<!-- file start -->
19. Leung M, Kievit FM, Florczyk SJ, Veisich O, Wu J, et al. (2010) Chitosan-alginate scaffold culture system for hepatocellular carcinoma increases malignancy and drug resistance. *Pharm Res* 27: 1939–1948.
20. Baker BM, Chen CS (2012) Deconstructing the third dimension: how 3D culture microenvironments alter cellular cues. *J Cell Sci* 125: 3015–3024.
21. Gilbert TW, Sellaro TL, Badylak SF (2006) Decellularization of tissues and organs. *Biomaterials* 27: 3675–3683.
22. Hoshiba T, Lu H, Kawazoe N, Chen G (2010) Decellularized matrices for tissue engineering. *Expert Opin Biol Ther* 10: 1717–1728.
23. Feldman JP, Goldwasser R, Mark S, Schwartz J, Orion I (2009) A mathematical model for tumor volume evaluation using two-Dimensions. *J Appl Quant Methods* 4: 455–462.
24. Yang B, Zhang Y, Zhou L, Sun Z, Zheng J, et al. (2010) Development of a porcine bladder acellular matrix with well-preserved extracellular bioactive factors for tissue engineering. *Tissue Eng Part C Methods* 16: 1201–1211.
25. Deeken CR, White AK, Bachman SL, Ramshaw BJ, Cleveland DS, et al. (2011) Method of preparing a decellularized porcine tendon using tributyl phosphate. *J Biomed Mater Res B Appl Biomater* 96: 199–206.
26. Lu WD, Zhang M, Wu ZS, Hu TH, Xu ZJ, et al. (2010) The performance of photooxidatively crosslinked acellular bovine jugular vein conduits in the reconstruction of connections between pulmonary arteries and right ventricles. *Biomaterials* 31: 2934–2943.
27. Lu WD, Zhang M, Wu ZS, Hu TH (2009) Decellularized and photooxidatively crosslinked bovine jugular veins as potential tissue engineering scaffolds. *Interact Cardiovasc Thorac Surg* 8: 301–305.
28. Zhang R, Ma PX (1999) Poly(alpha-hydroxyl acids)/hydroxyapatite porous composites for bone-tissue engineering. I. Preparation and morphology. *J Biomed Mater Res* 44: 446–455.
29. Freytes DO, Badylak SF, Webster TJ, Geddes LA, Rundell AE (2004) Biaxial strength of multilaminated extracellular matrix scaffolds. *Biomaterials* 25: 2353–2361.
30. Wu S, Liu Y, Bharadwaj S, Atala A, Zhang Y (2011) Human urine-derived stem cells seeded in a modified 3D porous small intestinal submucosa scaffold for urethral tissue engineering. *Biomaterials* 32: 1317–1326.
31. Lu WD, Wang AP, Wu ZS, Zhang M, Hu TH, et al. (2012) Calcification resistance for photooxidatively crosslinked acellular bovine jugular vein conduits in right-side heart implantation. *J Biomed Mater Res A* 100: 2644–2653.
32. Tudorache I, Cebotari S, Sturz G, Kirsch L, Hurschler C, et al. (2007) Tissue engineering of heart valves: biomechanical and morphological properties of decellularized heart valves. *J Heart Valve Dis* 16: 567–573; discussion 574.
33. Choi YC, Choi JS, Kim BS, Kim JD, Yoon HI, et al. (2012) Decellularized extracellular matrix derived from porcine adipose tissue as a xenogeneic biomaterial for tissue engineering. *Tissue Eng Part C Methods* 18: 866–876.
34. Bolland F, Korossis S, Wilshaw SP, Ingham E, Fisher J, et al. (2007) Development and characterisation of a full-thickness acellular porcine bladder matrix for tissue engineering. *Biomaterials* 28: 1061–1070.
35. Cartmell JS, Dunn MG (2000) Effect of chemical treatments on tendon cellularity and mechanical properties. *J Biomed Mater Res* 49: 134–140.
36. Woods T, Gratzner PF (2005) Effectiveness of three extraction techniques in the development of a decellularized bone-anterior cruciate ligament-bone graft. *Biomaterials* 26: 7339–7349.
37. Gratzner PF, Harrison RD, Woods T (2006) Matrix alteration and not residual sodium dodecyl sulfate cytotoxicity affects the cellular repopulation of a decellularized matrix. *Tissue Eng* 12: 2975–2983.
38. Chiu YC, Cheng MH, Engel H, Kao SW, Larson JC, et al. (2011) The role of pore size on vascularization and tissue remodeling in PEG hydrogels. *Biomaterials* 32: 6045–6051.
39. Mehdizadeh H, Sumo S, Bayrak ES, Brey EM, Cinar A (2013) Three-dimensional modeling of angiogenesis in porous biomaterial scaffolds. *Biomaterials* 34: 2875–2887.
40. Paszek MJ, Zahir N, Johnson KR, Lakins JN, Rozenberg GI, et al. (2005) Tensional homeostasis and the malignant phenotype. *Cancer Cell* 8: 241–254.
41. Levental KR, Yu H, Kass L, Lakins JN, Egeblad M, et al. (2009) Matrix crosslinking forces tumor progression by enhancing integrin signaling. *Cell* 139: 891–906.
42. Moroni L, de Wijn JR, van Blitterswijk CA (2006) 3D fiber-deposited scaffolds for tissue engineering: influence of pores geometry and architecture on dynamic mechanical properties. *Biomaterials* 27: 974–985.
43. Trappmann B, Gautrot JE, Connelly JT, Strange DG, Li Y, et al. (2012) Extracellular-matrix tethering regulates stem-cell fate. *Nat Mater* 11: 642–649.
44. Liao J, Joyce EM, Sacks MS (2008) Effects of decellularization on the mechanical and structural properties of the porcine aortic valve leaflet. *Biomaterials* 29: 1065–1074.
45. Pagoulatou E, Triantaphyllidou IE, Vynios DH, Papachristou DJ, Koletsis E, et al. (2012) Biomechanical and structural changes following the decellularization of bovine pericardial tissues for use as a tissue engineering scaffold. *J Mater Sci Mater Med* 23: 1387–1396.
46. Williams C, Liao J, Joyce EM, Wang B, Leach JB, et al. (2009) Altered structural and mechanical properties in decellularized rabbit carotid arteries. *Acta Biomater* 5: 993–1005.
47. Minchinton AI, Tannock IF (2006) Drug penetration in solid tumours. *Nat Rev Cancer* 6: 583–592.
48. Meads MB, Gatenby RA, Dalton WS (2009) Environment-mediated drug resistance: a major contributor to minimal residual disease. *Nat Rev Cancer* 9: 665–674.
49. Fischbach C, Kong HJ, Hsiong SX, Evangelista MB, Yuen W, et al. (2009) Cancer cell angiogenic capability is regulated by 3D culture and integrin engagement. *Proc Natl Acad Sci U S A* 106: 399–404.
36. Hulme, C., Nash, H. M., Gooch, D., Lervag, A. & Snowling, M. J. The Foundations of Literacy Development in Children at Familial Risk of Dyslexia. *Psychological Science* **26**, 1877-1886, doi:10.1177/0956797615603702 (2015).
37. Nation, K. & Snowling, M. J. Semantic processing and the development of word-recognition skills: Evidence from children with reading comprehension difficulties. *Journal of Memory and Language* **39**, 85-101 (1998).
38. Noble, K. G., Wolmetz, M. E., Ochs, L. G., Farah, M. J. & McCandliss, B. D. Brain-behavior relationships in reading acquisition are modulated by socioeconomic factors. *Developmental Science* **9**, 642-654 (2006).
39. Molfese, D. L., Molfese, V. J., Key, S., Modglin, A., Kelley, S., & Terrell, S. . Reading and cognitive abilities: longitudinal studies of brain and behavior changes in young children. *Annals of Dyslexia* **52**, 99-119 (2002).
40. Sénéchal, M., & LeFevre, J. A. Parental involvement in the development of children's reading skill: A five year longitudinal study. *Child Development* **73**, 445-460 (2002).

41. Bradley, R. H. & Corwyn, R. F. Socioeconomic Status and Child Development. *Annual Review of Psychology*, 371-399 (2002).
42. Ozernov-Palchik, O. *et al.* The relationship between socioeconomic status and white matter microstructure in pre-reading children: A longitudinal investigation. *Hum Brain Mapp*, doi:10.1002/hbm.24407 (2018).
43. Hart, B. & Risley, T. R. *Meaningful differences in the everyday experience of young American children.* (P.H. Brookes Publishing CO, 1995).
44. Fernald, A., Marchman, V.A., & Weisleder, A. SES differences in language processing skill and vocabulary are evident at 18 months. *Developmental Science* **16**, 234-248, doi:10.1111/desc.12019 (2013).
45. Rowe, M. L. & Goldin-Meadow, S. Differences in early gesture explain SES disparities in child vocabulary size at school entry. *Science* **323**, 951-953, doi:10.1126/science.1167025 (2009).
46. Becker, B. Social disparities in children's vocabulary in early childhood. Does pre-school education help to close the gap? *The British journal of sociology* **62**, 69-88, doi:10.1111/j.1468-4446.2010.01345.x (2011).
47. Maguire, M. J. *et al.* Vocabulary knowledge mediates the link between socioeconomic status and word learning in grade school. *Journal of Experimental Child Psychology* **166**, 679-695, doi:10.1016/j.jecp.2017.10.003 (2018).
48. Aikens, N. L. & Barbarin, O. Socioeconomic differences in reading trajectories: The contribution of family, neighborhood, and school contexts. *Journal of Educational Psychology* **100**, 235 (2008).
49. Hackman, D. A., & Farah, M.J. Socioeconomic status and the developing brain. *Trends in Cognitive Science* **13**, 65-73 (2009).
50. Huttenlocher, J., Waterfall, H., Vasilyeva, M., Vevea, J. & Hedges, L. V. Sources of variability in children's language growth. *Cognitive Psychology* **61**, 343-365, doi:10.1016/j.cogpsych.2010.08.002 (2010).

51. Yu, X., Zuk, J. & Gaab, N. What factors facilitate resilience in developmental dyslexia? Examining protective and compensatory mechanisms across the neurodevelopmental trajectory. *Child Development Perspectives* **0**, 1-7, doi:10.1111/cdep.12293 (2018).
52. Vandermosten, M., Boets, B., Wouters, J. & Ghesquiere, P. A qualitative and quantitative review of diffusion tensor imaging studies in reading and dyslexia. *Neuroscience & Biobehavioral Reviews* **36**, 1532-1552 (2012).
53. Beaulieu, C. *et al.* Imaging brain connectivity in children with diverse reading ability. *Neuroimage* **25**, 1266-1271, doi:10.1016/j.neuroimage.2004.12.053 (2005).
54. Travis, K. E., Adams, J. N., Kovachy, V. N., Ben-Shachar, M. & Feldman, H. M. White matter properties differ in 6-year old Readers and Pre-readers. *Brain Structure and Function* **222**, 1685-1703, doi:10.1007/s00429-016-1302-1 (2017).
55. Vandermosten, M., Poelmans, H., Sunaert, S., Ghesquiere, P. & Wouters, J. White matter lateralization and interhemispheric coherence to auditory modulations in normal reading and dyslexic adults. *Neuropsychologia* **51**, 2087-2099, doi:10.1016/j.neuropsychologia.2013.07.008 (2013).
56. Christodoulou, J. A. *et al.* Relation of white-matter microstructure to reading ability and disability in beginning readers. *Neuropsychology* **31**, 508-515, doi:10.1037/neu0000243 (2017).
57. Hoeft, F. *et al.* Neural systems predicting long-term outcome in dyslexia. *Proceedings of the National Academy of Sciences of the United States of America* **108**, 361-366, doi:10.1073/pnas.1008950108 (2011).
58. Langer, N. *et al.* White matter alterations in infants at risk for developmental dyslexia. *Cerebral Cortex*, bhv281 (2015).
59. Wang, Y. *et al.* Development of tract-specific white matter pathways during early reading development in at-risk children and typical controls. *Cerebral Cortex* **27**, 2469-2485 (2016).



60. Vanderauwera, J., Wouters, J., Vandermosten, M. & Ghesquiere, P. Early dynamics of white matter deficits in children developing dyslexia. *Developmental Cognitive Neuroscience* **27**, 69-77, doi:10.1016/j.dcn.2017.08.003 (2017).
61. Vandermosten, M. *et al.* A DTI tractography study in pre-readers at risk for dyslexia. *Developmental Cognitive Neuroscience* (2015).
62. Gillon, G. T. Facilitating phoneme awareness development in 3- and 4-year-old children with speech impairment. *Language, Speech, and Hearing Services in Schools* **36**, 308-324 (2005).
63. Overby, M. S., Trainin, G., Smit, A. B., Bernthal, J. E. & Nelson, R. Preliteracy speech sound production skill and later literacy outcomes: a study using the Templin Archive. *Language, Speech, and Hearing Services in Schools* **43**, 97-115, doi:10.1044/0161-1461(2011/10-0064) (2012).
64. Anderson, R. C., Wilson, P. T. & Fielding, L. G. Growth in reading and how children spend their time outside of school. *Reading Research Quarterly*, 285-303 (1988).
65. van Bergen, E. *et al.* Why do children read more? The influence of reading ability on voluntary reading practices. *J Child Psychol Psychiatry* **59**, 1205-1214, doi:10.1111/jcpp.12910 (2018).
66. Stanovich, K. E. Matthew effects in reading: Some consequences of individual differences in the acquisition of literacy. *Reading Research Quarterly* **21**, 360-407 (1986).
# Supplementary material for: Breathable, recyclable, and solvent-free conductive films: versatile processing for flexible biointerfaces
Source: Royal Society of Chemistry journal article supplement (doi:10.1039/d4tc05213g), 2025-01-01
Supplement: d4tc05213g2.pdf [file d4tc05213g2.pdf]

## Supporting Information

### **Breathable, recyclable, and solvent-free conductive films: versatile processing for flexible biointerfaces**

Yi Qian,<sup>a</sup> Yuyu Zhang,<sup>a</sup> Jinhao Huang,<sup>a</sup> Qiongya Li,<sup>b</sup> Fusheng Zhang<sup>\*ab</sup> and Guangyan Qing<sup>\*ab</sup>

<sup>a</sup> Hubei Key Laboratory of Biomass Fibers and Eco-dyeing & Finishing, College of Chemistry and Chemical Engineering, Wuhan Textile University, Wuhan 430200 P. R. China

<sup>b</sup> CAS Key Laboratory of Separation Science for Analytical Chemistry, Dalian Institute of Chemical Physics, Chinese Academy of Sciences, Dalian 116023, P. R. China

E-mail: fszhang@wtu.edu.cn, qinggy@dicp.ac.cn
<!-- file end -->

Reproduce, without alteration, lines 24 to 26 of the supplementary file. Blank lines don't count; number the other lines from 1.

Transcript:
42. Moroni L, de Wijn JR, van Blitterswijk CA (2006) 3D fiber-deposited scaffolds for tissue engineering: influence of pores geometry and architecture on dynamic mechanical properties. *Biomaterials* 27: 974–985.
43. Trappmann B, Gautrot JE, Connelly JT, Strange DG, Li Y, et al. (2012) Extracellular-matrix tethering regulates stem-cell fate. *Nat Mater* 11: 642–649.
44. Liao J, Joyce EM, Sacks MS (2008) Effects of decellularization on the mechanical and structural properties of the porcine aortic valve leaflet. *Biomaterials* 29: 1065–1074.